THE WHITE HOUSE
Office of the Press Secretary
For Immediate Release
March 7, 1995
Remarks By First Lady Hillary Rodham Clinton
To The International NGO Community At A Forum
Of The U.N. World Summit on Social Development
March 7, 1995
Thank you. Good morning. Thank you Ambassador Teymour, Mr.
Desai, Mr. Nielsen.
I am honored to participate in this historic gathering,
where civic, religious, and social organizations as well as
government leaders from around the world are uniting in the fight
to eradicate absolute poverty, create jobs, and empower women and
men to become full participants in their societies.
It is a special pleasure to be able to speak to a gathering
that includes so many non-governmental organizations. Whether
they operate in great cities or in remote villages, NGOs always
have played a vital role in strengthening our global community.
But particularly today, as all nations face new challenges and
choices, the experience and wisdom of NGOs will be critical in
guiding us toward a safer, more just, and unified world.
The end of the Cold War has created extraordinary new
opportunities for growth and progress. But at the same time,
ethnic strife and civil conflict have erupted across the planet,
depleting our resources, draining our energies, promoting hatred
and intolerance, and imperiling our ideal of a free and open
Today, too many nations waste precious resources on building
weapons of mass destruction, staging wars, and doing violence to
basic human rights, instead of investing those resources in
people. Too often, natural resources are destroyed and human ones
exploited through socially irresponsible behavior. Today, too
much time is spent in naked pursuit of power instead of working
for peace and prosperity.
It has become fashionable in recent years to assign blame
for the world's problems to one group of nations or another. I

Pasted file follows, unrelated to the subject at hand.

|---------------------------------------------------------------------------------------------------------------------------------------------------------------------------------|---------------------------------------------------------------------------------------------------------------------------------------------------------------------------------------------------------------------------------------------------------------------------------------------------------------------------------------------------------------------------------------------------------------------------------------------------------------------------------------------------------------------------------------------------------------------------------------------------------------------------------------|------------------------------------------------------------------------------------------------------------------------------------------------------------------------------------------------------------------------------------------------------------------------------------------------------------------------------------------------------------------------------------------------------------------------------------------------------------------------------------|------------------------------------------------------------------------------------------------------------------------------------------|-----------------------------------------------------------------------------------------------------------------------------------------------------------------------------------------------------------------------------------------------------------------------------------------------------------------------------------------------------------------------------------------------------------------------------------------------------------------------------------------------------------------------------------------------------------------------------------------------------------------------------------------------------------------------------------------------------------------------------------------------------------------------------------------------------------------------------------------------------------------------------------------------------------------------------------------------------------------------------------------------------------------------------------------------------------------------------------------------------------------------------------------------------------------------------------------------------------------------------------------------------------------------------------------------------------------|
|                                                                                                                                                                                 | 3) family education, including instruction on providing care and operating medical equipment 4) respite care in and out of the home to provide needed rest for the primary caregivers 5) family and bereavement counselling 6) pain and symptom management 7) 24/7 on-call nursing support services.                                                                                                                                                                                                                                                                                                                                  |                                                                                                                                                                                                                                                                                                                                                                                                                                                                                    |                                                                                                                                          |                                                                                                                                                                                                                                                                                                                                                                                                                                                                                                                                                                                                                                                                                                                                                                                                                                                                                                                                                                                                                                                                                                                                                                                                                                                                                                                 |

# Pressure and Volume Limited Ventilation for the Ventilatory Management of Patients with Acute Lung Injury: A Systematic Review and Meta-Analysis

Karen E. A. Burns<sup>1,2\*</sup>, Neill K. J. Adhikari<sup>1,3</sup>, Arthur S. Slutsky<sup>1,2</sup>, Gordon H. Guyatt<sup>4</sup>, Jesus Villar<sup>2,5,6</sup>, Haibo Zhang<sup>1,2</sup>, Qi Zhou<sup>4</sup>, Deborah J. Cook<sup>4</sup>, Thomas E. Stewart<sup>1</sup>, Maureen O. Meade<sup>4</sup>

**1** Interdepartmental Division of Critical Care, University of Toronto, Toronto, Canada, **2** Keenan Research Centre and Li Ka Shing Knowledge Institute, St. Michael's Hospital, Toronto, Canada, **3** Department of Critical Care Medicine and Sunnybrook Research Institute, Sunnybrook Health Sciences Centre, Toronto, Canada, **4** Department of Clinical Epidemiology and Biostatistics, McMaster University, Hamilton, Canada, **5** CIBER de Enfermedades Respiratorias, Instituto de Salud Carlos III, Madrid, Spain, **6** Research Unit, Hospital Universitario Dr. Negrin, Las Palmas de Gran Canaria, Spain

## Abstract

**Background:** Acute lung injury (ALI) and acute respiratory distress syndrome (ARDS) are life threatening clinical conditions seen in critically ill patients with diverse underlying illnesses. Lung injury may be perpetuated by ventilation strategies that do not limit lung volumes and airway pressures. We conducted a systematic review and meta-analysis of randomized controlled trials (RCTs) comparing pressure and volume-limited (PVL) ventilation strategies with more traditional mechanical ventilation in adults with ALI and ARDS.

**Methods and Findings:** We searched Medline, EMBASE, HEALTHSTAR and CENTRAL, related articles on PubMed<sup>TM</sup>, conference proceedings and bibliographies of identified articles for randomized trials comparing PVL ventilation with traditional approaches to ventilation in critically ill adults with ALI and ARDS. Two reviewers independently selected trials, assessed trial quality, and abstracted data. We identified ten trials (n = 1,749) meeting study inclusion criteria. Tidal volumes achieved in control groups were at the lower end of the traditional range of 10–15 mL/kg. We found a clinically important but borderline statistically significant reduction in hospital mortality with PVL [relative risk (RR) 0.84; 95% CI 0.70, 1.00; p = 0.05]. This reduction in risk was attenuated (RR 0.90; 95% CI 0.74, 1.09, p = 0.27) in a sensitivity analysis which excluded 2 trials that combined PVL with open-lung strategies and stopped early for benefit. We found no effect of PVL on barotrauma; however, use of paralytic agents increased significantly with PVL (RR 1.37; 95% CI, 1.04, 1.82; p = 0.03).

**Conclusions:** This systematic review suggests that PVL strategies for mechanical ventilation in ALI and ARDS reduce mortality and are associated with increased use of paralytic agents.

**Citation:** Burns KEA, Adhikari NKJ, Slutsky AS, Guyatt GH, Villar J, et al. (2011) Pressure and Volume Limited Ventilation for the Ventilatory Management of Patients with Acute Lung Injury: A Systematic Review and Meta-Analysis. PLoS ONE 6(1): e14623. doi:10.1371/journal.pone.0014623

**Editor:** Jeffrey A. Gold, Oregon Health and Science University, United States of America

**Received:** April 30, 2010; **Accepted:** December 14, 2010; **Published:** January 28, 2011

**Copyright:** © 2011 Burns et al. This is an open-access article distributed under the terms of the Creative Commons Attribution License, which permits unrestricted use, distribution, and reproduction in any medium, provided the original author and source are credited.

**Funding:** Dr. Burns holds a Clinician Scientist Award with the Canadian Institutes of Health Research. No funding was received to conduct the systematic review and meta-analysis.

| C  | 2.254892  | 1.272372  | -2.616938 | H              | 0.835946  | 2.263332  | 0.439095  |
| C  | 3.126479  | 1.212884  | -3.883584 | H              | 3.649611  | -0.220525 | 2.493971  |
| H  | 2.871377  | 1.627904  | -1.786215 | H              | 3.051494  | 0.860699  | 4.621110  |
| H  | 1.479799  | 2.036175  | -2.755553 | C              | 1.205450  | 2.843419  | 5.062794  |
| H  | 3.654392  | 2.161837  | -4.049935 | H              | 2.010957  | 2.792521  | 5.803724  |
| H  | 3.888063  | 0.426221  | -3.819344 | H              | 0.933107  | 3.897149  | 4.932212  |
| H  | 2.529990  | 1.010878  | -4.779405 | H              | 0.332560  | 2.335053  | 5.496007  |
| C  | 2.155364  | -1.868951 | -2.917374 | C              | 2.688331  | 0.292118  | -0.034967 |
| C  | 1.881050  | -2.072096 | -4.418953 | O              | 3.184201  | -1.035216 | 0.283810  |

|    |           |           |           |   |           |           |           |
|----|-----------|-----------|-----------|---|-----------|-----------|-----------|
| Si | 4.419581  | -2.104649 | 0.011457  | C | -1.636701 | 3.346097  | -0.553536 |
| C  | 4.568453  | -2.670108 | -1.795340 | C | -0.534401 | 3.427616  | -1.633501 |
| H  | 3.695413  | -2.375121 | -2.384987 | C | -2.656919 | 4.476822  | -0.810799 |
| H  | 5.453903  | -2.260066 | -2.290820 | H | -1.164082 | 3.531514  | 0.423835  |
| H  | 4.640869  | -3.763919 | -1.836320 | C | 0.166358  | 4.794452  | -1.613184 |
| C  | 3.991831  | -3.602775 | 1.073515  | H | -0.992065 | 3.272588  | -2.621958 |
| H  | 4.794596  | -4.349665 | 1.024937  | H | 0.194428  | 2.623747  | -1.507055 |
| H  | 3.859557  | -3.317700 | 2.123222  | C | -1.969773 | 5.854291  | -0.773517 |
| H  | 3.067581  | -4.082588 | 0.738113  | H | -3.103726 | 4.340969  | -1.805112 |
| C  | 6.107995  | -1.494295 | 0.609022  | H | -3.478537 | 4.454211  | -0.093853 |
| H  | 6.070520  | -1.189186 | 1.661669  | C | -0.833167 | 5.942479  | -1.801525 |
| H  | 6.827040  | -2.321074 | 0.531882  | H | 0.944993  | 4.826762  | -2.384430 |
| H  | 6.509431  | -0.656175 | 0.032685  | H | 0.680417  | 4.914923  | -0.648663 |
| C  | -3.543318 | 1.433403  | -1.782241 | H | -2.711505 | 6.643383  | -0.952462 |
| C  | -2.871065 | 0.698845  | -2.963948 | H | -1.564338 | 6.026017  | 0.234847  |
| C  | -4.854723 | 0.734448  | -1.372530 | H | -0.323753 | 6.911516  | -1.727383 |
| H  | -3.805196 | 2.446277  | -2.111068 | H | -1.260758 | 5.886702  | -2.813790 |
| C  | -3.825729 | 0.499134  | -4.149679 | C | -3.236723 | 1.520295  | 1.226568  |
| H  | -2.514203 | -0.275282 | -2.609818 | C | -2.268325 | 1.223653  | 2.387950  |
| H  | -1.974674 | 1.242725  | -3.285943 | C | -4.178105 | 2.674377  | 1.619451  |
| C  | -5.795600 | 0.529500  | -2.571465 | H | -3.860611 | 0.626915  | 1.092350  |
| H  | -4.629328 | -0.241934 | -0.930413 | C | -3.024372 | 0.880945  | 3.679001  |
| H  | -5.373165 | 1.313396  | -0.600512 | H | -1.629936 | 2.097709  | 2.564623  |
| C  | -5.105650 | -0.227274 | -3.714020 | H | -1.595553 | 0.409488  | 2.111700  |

hope this Summit does not succumb to that temptation. In fact,
every nation needs to rethink its approach to social development
and most nations need to do more for their own people and
To meet the goals of this Summit, governments will have to
go about their business in new ways. They will have to rethink
how to protect their most vulnerable populations in a time of
shrinking resources and accelerated global competition. They will
have to respect basic human rights, and that includes the rights
of women and workers to be protected from exploitation and abuse.
And they will have to create conditions that encourage individual
initiative and a vibrant civic life.
Finally, as my husband said in a speech last week,
governments will have to choose engagement over isolationism.
With our economies and our societies becoming increasingly
interdependent, we must work to create a global community in
which economic growth and social progress result in shared
prosperity and opportunity.
On a large scale, there is no better place to start than
with an indefinite and unconditional extension of the Nuclear
Non-Proliferation Treaty. The threat posed by these devastating
weapons endangers all the work we do to end poverty, create jobs,